Time Frame of Salt’s Effect on Blood Pressure
The rapidity with which excess salt impacts blood pressure is noteworthy. Within just 30 minutes of consuming excessive salt, the body’s ability to dilate blood vessels becomes impaired. Although the immediate effects may not be directly evident, the long-term consequences of persistent high blood pressure, such as heart attacks and strokes, manifest later, emphasizing the critical importance of dietary habits.
Sodium’s Influence on Blood Pressure
Sodium’s role in increasing blood pressure involves various physiological mechanisms. High sodium intake is associated with water retention, elevated systemic peripheral resistance, alterations in endothelial function, changes in arterial structure and function, modifications in sympathetic activity, and adjustments in autonomic neuronal functions. These multifaceted interactions collectively contribute to the link between sodium intake and raised blood pressure levels.
Dietary Solutions to Lower Blood Pressure
Contrary to a singular ‘magic’ food, a holistic approach to managing blood pressure involves incorporating a range of nutrient-rich foods. Among these, citrus fruits, fatty fish rich in omega-3 fats, leafy greens, nuts, seeds, legumes, berries, amaranth, and olive oil stand out. These foods possess various heart-healthy properties that aid in regulating blood pressure when included in a balanced diet.
Hydration’s Impact on Blood Pressure
Debunking a common myth, while stopping salt intake doesn’t necessarily guarantee an immediate drop in blood pressure, staying hydrated can assist in maintaining healthier blood pressure levels. Adequate water intake can aid in normalizing blood pressure and, if one is dehydrated, may contribute to its reduction. However, water alone isn’t a treatment for hypertension but rather a supportive element in overall blood pressure management.
How To Quickly Lower Your Blood Pressure
You can start by adopting mindful eating habits. Pay attention to portion sizes and try to avoid oversized servings. Eating slowly and savoring each bite allows you to recognize when you’re full, preventing overeating and aiding in weight management, which can positively impact your blood pressure.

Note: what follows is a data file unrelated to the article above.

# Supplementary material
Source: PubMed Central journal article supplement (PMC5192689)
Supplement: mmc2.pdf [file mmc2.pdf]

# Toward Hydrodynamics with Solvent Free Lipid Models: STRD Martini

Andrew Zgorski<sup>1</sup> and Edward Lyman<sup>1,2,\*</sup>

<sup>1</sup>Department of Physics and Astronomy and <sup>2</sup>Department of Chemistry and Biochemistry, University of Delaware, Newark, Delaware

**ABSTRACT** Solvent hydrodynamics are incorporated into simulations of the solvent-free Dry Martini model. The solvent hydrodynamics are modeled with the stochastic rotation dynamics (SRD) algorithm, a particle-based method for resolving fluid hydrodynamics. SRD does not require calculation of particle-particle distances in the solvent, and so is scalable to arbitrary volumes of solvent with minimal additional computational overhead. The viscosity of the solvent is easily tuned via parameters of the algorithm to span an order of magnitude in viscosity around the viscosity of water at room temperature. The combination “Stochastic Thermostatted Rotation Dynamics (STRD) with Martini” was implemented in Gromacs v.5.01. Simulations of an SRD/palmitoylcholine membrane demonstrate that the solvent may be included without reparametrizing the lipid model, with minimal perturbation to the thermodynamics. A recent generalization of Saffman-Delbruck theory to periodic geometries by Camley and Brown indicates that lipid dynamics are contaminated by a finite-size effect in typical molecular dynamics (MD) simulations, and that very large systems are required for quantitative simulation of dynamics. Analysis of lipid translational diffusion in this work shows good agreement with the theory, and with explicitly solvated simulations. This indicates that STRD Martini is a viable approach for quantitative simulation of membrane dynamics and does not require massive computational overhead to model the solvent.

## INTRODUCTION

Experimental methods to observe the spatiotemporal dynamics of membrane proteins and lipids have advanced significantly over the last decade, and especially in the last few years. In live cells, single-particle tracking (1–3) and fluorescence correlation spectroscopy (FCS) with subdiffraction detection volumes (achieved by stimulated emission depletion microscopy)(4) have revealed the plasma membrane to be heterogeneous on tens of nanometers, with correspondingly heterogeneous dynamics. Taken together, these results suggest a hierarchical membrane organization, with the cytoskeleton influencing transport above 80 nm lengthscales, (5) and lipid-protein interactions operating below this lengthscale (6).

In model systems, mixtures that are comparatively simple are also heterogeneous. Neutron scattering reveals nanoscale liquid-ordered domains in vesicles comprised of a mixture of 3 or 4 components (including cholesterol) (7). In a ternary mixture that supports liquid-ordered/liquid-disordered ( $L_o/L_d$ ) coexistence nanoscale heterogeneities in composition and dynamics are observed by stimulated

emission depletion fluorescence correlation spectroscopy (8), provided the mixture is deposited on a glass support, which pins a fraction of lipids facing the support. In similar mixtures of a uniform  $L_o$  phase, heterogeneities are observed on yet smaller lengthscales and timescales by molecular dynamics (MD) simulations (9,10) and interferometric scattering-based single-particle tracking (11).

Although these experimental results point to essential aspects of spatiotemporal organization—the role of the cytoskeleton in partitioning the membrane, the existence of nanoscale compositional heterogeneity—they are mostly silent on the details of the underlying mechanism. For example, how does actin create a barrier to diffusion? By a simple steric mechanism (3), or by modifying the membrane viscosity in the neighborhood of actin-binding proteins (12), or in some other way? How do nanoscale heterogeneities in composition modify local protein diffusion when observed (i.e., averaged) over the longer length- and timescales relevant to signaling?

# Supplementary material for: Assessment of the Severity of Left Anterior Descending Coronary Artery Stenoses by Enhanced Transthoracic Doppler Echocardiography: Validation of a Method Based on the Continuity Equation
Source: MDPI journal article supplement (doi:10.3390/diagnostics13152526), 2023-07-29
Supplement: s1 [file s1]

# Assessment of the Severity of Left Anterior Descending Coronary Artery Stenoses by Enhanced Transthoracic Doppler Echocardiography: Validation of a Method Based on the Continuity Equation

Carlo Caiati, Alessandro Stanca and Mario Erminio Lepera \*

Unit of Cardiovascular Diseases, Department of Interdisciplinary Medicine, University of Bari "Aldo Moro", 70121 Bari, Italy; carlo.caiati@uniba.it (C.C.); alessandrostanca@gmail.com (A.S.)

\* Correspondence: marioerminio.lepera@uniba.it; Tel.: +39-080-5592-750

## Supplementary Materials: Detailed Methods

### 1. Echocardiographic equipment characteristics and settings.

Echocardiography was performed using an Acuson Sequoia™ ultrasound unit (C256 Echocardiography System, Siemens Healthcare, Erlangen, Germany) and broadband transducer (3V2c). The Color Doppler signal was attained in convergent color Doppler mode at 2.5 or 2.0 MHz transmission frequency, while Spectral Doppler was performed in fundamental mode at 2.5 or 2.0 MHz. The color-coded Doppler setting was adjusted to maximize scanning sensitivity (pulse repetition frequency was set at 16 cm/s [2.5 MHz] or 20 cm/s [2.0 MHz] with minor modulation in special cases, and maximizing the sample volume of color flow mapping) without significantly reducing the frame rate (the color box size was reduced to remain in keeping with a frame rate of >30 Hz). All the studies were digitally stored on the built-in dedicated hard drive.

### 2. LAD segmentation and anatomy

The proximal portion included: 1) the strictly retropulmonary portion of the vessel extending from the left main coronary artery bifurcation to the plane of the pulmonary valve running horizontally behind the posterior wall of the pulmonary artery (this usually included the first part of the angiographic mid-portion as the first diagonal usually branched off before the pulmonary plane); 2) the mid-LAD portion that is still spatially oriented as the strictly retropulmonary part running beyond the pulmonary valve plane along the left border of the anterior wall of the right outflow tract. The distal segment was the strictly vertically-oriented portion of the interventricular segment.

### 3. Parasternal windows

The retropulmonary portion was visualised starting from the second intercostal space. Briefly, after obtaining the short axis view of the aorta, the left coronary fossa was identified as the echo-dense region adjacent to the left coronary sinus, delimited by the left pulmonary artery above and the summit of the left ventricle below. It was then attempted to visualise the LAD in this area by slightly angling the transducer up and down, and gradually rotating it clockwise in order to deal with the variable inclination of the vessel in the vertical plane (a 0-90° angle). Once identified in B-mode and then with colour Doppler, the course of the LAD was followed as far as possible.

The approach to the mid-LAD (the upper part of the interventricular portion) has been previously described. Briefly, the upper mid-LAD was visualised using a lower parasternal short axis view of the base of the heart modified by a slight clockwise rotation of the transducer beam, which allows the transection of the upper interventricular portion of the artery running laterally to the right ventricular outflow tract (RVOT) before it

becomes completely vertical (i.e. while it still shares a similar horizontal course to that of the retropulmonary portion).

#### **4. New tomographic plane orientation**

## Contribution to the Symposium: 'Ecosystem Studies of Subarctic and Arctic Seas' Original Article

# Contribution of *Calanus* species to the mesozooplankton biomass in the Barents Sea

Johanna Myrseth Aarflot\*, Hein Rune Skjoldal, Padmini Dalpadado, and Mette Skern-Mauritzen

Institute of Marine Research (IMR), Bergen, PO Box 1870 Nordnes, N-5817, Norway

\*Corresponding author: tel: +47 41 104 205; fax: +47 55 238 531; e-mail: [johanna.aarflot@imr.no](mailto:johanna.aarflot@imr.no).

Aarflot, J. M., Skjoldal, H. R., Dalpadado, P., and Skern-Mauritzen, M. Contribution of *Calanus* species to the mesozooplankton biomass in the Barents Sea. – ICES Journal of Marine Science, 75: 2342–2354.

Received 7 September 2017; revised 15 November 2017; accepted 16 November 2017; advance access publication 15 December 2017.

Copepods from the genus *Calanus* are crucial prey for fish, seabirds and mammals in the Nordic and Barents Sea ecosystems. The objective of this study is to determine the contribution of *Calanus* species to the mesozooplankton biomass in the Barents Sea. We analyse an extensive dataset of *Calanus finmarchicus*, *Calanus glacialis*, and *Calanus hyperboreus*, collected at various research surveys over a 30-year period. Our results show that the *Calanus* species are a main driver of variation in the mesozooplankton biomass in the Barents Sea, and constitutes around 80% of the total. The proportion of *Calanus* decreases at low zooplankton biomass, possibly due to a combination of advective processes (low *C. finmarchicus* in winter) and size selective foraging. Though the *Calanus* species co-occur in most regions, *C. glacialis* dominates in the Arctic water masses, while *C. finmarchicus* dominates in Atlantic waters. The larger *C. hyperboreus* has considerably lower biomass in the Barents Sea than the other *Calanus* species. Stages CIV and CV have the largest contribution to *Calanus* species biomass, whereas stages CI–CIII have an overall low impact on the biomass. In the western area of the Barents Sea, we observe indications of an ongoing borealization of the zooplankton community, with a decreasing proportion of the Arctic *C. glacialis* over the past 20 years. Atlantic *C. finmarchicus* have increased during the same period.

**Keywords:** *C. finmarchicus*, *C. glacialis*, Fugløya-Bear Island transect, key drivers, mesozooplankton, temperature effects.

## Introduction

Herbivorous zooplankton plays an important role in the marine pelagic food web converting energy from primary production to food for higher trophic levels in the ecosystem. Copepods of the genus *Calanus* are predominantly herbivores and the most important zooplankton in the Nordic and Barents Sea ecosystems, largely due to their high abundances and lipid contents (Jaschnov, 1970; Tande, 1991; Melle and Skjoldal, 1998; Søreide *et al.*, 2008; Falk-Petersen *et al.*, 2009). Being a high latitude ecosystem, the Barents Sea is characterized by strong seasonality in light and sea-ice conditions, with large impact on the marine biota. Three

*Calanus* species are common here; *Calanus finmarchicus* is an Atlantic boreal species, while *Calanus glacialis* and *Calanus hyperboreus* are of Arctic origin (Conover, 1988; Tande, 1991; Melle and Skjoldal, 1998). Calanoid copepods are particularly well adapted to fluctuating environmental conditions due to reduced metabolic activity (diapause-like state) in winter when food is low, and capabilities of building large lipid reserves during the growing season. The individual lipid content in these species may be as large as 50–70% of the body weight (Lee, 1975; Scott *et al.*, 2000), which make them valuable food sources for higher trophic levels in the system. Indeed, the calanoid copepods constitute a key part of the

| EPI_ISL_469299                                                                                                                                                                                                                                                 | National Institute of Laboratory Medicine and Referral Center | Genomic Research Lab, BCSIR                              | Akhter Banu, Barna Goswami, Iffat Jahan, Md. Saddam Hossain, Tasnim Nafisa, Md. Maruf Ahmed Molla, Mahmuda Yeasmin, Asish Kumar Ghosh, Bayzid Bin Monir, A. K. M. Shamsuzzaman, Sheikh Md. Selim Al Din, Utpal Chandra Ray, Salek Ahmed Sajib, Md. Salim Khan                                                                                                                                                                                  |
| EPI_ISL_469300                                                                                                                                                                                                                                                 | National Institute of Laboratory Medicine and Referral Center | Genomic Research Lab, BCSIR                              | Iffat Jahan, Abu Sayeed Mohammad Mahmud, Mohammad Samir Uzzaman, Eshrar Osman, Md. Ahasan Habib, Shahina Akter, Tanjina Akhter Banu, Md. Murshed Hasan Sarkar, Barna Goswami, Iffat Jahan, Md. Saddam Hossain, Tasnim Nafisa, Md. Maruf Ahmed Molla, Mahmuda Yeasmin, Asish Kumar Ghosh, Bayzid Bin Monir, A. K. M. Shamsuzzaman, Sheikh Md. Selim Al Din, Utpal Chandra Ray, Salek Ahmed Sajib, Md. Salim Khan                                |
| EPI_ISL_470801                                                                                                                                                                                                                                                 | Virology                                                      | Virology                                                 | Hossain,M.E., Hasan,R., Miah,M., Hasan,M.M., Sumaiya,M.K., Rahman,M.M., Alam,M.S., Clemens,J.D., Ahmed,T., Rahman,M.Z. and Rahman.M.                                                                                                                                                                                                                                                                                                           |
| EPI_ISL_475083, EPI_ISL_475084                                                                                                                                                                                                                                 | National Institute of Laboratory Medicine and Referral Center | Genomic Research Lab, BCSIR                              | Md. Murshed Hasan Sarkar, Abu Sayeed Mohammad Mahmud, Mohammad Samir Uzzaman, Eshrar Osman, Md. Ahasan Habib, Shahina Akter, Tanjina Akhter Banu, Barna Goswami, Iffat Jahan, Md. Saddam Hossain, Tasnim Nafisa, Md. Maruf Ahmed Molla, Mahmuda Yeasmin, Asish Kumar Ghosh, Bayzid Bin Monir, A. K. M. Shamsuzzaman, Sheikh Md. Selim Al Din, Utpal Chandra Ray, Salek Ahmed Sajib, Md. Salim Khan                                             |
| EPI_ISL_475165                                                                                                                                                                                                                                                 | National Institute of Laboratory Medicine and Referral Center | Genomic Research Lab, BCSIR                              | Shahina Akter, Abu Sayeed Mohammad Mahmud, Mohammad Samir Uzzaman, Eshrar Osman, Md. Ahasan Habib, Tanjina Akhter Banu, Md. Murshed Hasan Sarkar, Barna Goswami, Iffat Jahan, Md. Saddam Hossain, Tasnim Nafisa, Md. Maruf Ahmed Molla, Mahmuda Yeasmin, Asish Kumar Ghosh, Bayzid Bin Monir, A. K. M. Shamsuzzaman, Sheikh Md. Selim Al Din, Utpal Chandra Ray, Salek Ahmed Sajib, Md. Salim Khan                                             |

Increase Potassium-Rich Foods in Your Diet
Incorporating potassium-rich foods can be beneficial. Opt for foods like bananas, sweet potatoes, spinach, avocados, and beans. Potassium helps counteract the effects of sodium in your body and supports healthier blood pressure levels.
DASH Diet: Focus on Whole Foods
Consider following the DASH (Dietary Approaches to Stop Hypertension) diet. Emphasize whole foods like fruits, vegetables, whole grains, lean proteins, and low-fat dairy. This balanced approach to eating helps reduce sodium intake and promotes better blood pressure control.
Mind the Processed Foods
Be cautious of hidden sodium in processed foods. Check food labels for sodium content, especially in packaged snacks, canned soups, condiments, and processed meats. Opt for low-sodium or no-added-salt alternatives to manage your overall sodium intake.
Exercise Regularly for Blood Pressure Management
Regular physical activity is key. Aim for at least 150 minutes of moderate-intensity exercise per week. Activities like brisk walking, swimming, cycling, or dancing can help lower blood pressure and improve overall cardiovascular health.
Stress management is vital for blood pressure control. Practice relaxation techniques like deep breathing, meditation, yoga, or mindfulness. Finding healthy ways to cope with stress positively impacts your blood pressure levels.
Limit Alcohol Intake
Keep alcohol consumption in check. Moderate your alcohol intake as excessive drinking can raise blood pressure. Aim for moderation or consider reducing alcohol consumption to help manage blood pressure.
Consult a Healthcare Professional
Always consult with a healthcare professional for personalized advice. They can offer tailored recommendations and guidance specific to your health condition and help you create a comprehensive plan for blood pressure management.
When he considered that no published research evaluated the theory, he found the disparity to be even more astounding. In contrast, proponents of salt-reduction diets like Sir Michael Rawlings—chair of the National Institute for Health and Clinical Excellence—stated that The best available evidence is used to inform policymaking. But it’s not always the case that the evidence is comprehensive or even particularly good. Reducing salt intake is not strongly supported by this reasoning.